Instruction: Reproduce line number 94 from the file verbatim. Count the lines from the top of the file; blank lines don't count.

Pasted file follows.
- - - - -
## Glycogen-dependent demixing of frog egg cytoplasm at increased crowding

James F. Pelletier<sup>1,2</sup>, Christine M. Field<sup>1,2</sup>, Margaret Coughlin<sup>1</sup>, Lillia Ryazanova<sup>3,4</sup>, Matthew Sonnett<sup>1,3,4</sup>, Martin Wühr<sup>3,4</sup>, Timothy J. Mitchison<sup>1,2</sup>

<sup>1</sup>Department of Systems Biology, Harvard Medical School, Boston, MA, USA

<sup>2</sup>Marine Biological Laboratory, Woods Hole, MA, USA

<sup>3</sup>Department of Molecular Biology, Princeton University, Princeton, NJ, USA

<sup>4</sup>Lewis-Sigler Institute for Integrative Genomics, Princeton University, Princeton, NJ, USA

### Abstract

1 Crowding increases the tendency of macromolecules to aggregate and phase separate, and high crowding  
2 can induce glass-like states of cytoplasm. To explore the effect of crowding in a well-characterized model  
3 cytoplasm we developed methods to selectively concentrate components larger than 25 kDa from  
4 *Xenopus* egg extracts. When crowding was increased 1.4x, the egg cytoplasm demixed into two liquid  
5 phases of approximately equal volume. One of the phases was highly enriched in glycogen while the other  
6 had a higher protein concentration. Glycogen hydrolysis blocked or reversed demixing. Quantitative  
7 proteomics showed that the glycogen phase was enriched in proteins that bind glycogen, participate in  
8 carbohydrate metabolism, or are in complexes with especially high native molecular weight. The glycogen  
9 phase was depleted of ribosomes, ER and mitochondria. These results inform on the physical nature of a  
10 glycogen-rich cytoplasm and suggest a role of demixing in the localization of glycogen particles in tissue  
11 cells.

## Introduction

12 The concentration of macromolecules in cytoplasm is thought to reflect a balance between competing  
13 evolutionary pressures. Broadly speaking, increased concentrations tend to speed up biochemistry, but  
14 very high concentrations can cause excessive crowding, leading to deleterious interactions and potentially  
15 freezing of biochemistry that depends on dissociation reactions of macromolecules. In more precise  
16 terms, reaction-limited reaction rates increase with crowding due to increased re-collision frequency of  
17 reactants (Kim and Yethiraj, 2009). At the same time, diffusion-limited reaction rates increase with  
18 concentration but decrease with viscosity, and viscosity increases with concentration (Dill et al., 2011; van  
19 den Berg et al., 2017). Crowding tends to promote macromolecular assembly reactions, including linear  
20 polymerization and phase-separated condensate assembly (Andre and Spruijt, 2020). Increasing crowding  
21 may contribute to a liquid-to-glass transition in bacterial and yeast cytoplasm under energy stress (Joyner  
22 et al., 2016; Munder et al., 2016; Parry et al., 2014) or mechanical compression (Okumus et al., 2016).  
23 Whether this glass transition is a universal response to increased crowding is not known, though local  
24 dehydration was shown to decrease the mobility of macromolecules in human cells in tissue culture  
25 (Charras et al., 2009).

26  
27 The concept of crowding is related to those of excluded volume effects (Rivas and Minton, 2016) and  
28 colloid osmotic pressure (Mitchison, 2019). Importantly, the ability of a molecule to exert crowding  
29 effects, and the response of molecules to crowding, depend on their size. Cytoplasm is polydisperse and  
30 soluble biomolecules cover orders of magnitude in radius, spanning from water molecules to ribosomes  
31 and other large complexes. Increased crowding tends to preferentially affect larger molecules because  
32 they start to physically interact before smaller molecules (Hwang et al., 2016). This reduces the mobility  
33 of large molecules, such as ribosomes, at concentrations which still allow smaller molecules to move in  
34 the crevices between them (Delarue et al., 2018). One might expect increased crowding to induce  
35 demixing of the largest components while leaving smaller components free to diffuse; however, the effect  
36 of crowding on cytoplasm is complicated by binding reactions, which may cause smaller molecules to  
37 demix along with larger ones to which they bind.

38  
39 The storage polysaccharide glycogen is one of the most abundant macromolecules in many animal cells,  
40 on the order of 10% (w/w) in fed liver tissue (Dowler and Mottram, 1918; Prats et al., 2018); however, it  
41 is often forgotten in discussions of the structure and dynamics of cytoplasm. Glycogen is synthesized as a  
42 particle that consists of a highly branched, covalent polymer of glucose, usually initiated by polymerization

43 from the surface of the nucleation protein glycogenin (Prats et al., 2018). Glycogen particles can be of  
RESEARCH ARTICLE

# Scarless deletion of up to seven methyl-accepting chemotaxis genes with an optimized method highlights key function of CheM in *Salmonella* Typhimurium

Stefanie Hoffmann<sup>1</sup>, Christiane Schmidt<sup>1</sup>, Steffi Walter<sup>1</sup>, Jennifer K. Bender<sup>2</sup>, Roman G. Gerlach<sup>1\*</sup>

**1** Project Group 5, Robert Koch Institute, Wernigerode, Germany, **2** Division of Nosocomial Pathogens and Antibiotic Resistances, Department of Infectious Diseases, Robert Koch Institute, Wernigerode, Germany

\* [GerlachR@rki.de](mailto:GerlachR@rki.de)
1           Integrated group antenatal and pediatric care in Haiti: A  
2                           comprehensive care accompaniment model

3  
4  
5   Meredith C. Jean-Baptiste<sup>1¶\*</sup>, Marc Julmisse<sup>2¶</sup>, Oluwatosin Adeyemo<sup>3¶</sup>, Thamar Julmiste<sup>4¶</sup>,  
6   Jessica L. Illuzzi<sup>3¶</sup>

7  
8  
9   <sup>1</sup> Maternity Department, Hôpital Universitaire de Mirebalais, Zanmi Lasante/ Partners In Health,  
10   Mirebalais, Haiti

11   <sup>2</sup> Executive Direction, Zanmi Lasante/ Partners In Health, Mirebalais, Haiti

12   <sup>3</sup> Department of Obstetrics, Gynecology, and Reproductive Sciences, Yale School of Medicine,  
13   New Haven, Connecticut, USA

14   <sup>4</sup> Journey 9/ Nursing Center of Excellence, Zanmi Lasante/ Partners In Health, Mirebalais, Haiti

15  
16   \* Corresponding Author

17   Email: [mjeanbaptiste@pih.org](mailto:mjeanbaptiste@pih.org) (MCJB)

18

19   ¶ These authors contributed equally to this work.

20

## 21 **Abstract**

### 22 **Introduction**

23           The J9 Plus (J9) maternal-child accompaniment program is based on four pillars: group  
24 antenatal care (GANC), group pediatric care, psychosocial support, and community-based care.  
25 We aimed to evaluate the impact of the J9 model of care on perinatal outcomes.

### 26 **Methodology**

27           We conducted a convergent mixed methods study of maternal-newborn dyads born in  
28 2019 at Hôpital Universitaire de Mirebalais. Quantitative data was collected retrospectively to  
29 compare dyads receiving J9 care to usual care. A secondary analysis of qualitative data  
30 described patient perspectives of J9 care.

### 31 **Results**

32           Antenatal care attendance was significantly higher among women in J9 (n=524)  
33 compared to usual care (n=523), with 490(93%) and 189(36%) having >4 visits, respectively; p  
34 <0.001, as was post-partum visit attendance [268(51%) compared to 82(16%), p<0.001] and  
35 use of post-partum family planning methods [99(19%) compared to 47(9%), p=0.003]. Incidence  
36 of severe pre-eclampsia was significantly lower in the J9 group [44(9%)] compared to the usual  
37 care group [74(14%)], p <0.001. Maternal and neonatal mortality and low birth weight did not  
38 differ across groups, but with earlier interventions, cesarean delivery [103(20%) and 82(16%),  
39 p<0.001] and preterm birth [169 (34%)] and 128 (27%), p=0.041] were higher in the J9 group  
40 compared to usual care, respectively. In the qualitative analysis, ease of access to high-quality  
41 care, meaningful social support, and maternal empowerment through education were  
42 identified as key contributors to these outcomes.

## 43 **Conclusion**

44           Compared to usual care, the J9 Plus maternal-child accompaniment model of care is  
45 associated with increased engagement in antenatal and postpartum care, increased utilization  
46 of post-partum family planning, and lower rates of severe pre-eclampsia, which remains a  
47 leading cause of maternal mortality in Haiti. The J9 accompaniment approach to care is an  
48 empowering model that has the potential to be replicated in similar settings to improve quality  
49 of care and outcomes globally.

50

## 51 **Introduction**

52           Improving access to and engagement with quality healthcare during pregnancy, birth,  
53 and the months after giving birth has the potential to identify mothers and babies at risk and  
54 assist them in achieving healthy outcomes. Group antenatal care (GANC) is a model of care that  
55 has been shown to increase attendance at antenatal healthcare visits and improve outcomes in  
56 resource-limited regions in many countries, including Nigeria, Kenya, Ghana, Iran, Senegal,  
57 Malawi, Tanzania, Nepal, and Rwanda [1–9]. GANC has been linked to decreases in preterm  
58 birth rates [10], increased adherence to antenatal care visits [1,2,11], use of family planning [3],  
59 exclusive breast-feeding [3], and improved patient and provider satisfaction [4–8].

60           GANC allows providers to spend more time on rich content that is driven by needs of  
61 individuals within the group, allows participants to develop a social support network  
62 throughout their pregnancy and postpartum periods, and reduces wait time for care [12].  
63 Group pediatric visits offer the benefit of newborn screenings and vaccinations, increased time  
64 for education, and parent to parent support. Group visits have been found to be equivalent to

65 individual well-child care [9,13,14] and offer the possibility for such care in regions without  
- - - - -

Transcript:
38 differ across groups, but with earlier interventions, cesarean delivery [103(20%) and 82(16%),  